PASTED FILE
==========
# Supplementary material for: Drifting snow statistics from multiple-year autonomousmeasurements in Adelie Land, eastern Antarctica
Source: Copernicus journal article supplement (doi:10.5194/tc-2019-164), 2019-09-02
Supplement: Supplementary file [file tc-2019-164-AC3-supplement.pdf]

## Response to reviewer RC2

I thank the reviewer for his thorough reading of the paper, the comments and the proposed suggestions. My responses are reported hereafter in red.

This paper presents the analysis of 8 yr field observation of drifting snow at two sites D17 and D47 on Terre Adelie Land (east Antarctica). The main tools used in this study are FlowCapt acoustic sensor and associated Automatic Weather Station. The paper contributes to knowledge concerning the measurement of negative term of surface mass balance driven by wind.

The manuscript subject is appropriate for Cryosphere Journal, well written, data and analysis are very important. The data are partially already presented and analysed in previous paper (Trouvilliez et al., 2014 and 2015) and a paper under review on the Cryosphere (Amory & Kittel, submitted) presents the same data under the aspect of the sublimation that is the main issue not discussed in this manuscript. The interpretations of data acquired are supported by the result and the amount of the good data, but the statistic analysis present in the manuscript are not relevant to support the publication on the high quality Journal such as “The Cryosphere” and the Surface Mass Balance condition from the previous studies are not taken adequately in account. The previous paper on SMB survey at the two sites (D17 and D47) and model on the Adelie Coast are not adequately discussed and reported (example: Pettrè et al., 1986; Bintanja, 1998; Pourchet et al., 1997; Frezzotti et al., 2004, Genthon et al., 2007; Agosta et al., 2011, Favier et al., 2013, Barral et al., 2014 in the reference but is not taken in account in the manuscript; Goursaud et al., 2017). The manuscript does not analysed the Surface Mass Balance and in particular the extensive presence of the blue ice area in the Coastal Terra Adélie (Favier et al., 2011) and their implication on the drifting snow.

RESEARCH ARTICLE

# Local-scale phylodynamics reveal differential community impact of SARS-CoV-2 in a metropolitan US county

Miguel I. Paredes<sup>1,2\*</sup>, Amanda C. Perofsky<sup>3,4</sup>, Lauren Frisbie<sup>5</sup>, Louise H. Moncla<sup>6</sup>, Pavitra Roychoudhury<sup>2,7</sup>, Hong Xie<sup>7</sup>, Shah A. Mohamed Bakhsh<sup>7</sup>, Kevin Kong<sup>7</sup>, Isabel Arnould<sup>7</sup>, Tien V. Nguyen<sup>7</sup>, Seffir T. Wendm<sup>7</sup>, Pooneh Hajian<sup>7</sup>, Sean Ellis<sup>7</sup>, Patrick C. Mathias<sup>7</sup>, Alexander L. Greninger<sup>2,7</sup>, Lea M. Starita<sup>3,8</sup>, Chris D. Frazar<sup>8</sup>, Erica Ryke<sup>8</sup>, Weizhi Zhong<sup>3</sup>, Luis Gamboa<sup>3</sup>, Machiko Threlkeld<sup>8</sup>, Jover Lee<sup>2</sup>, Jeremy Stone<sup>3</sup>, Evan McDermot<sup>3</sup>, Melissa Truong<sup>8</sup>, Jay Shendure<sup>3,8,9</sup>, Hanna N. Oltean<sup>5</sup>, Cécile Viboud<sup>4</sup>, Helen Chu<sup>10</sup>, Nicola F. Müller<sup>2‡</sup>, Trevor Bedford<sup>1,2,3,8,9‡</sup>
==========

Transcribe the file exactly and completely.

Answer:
# Supplementary material for: Drifting snow statistics from multiple-year autonomousmeasurements in Adelie Land, eastern Antarctica
Source: Copernicus journal article supplement (doi:10.5194/tc-2019-164), 2019-09-02
Supplement: Supplementary file [file tc-2019-164-AC3-supplement.pdf]

## Response to reviewer RC2

I thank the reviewer for his thorough reading of the paper, the comments and the proposed suggestions. My responses are reported hereafter in red.

This paper presents the analysis of 8 yr field observation of drifting snow at two sites D17 and D47 on Terre Adelie Land (east Antarctica). The main tools used in this study are FlowCapt acoustic sensor and associated Automatic Weather Station. The paper contributes to knowledge concerning the measurement of negative term of surface mass balance driven by wind.

The manuscript subject is appropriate for Cryosphere Journal, well written, data and analysis are very important. The data are partially already presented and analysed in previous paper (Trouvilliez et al., 2014 and 2015) and a paper under review on the Cryosphere (Amory & Kittel, submitted) presents the same data under the aspect of the sublimation that is the main issue not discussed in this manuscript. The interpretations of data acquired are supported by the result and the amount of the good data, but the statistic analysis present in the manuscript are not relevant to support the publication on the high quality Journal such as “The Cryosphere” and the Surface Mass Balance condition from the previous studies are not taken adequately in account. The previous paper on SMB survey at the two sites (D17 and D47) and model on the Adelie Coast are not adequately discussed and reported (example: Pettrè et al., 1986; Bintanja, 1998; Pourchet et al., 1997; Frezzotti et al., 2004, Genthon et al., 2007; Agosta et al., 2011, Favier et al., 2013, Barral et al., 2014 in the reference but is not taken in account in the manuscript; Goursaud et al., 2017). The manuscript does not analysed the Surface Mass Balance and in particular the extensive presence of the blue ice area in the Coastal Terra Adélie (Favier et al., 2011) and their implication on the drifting snow.

RESEARCH ARTICLE

# Local-scale phylodynamics reveal differential community impact of SARS-CoV-2 in a metropolitan US county

Miguel I. Paredes<sup>1,2\*</sup>, Amanda C. Perofsky<sup>3,4</sup>, Lauren Frisbie<sup>5</sup>, Louise H. Moncla<sup>6</sup>, Pavitra Roychoudhury<sup>2,7</sup>, Hong Xie<sup>7</sup>, Shah A. Mohamed Bakhsh<sup>7</sup>, Kevin Kong<sup>7</sup>, Isabel Arnould<sup>7</sup>, Tien V. Nguyen<sup>7</sup>, Seffir T. Wendm<sup>7</sup>, Pooneh Hajian<sup>7</sup>, Sean Ellis<sup>7</sup>, Patrick C. Mathias<sup>7</sup>, Alexander L. Greninger<sup>2,7</sup>, Lea M. Starita<sup>3,8</sup>, Chris D. Frazar<sup>8</sup>, Erica Ryke<sup>8</sup>, Weizhi Zhong<sup>3</sup>, Luis Gamboa<sup>3</sup>, Machiko Threlkeld<sup>8</sup>, Jover Lee<sup>2</sup>, Jeremy Stone<sup>3</sup>, Evan McDermot<sup>3</sup>, Melissa Truong<sup>8</sup>, Jay Shendure<sup>3,8,9</sup>, Hanna N. Oltean<sup>5</sup>, Cécile Viboud<sup>4</sup>, Helen Chu<sup>10</sup>, Nicola F. Müller<sup>2‡</sup>, Trevor Bedford<sup>1,2,3,8,9‡</sup>